Forming the company is easy, and a paralegal can usually accomplish this task, although it is a good idea for a new lawyer to learn the process and be able to review the paralegal's work. The hard part is determining what the rights of the owners are in relation to each other, including consideration of how the parties are going to get out of the relationship if they decide their goals are not being met, and making sure that all of this is reflected in the company's documents, whether via a shareholders' agreement or an LLC agreement, in the articles of incorporation or bylaws, or even on the share certificates themselves. As a new lawyer, you won't be making these decisions. Either you'll be executing the instructions of another attorney, or taking a crack at the project yourself and then learning the correct reasoning when someone else reviews your work.
After you have created a legal entity under the applicable state law, you have to continue to ensure that proper documentation is made of the company's decisions and actions so that there is a clear corporate history of regulatory compliance. Corporate "housekeeping" involves drafting and filing the necessary paperwork to maintain an entity's corporate status with the appropriate governmental entity, usually a state secretary of state's office and the Internal Revenue Service. For example, you may draft and/or review board of directors' resolutions, file tax records, maintain and prepare stock certificates, and draft partnership or shareholder agreements.
Often, small companies are formed without the advice of a lawyer. When this happens, the corporate formalities, other than the filing of simple articles or certificate of incorporation might be largely ignored. This doesn't usually become a problem for the company until it becomes an acquisition target (meaning someone wants to buy the company) or when the company has expanded and wants either to start raising capital through the sale of shares or to go public. At this point, a lawyer will often have to work with the client to recreate the records that the corporation needs and may even have to amend the articles of incorporation to permit for the issuance of additional and different types of shares. You will either have to know or research the corporate statutes of the state of the company's organization to make sure that the company is in compliance with the state's requirements.
Preparing Filings for State and Federal Agencies
It's likely that a new associate will prepare filings other than corporate organizational documents. At a minimum, an associate will usually get some exposure to corporate securities filings. When a company wants to start selling shares to people who were not involved in the inception and management of the company, that company must share a great deal of information about itself. The kind of information the company must provide and the format in which the information must be provided depend on the level of financial sophistication of its investors. The Securities and Exchange Commission (SEC) regulates this process. If your client wants to sell shares to all kinds of investors, they go public and are traded on an open market. If they choose to do this, they will be subject to very strict disclosure requirements. The documents they have to produce are lengthy (usually over a hundred pages) and extremely number–intensive. They must comply with very specific rules and regulations. Most associates will spend some time proofreading these documents and researching applicable laws and regulations.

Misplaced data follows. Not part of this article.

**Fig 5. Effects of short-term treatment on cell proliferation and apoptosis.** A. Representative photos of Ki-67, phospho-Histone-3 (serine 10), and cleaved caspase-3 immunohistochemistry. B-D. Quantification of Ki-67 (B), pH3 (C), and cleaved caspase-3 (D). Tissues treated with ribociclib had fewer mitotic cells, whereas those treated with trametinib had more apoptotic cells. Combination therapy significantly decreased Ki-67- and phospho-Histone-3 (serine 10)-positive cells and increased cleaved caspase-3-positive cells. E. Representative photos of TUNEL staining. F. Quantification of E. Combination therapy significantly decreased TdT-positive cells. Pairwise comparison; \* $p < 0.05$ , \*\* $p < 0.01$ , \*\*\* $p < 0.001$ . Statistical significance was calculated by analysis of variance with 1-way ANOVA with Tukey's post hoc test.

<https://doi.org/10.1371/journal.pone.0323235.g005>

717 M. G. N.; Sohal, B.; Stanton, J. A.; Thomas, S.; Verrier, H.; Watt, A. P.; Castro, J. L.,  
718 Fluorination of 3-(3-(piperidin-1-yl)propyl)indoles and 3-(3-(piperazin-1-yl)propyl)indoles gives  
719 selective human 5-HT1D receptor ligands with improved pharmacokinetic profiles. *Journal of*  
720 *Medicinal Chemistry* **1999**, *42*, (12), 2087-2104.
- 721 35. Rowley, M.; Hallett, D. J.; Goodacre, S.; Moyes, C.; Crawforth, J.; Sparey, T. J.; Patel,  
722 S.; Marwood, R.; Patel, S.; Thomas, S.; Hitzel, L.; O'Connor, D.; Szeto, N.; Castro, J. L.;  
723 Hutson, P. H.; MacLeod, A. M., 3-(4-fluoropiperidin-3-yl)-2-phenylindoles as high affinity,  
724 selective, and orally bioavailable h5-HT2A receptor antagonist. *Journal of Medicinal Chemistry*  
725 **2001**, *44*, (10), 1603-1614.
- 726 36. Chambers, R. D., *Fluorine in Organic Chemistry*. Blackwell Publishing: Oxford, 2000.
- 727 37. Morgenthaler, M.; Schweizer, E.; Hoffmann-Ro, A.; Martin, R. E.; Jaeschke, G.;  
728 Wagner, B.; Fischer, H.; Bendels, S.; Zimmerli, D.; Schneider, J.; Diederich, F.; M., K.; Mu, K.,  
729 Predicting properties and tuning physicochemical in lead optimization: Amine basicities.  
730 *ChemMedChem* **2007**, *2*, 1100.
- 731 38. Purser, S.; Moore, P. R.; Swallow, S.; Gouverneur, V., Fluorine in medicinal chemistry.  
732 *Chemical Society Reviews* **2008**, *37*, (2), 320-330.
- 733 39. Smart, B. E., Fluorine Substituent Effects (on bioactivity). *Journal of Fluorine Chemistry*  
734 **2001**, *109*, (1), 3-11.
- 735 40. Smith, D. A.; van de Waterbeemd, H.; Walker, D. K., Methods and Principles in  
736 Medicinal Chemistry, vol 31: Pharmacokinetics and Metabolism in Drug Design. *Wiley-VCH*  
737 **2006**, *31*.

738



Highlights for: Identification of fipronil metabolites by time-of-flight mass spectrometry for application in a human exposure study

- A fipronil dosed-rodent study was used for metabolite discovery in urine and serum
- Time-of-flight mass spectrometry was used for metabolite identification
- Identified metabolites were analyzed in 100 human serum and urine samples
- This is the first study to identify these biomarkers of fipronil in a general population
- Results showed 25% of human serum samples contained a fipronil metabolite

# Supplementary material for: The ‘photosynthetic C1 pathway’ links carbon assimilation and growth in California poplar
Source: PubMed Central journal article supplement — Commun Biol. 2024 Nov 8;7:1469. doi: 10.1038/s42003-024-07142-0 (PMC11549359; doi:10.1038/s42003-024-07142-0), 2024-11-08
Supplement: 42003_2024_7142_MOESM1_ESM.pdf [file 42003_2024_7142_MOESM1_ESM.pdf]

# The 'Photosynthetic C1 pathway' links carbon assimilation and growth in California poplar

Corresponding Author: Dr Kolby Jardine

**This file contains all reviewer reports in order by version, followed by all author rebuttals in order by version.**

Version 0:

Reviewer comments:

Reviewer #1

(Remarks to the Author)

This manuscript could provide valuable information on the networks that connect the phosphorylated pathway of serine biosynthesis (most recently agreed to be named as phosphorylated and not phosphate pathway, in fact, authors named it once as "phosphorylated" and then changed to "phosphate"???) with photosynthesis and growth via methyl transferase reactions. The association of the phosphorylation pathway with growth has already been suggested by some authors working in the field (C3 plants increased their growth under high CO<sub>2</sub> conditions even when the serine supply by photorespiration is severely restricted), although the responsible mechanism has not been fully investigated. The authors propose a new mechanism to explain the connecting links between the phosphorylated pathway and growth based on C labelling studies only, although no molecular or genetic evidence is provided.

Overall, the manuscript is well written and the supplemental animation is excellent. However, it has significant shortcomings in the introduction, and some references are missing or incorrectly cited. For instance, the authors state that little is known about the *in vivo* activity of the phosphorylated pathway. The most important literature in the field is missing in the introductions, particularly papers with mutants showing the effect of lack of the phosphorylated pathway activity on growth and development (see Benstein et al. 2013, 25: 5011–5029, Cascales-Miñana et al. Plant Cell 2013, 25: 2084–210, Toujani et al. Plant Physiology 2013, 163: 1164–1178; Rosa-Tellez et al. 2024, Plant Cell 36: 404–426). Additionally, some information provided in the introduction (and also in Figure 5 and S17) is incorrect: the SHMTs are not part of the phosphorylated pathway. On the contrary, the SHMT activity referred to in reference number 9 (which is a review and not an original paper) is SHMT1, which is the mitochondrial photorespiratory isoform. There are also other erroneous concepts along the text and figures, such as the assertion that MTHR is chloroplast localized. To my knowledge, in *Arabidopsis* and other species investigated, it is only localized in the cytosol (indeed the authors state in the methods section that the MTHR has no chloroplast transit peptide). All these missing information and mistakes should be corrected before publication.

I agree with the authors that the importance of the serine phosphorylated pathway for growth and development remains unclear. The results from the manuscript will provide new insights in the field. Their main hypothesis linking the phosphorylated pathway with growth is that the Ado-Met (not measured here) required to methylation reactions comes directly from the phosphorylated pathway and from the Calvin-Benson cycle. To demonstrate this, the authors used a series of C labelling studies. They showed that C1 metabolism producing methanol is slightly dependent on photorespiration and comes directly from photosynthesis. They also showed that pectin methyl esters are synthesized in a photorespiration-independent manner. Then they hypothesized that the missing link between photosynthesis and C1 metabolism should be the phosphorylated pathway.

The public defender might be the unsung hero of the legal system. As a government employee, he makes relatively little for a litigator. He has little say over his cases and often works with the defendants that no one else wants. He doesn't have the resources that the district attorney's office has and must often engage in his own investigations. Many of his cases seem almost hopeless and, to the victims of crime, he appears almost as bad as his defendants. So why does he do this job?
For one thing, public defenders are integral to the criminal justice system. The law affords everyone the right to an attorney including those who cannot afford one. “It's a mistake to say that we're against the system. We're part of the system,” observes one public defender. Public defenders work for government agencies or are private lawyers paid an hourly rate by the state. Either way, there's not a lot of money to be made.
There are public defenders at the state, federal and appellate levels. At the state level, a public defender represents impoverished clients in state criminal court, handling everything from small violations to juvenile offenses to violent crime cases. He is responsible for acquiring all background information on the case, interviewing witnesses and filing the appropriate papers and motions in court, as well as preparing for trial and negotiating plea bargains. Although previous litigation experience is always looked upon as an asset, a lawyer can become a state public defender in his first year after law school.
The public defender at the federal level represents those who cannot afford private representation in federal court. An assistant federal public defender does both trial and appellate work in the U.S. district courts and the circuit courts of appeal. In general, a candidate for the federal public defender's office must already have a few years of serious litigation experience, preferably in criminal court.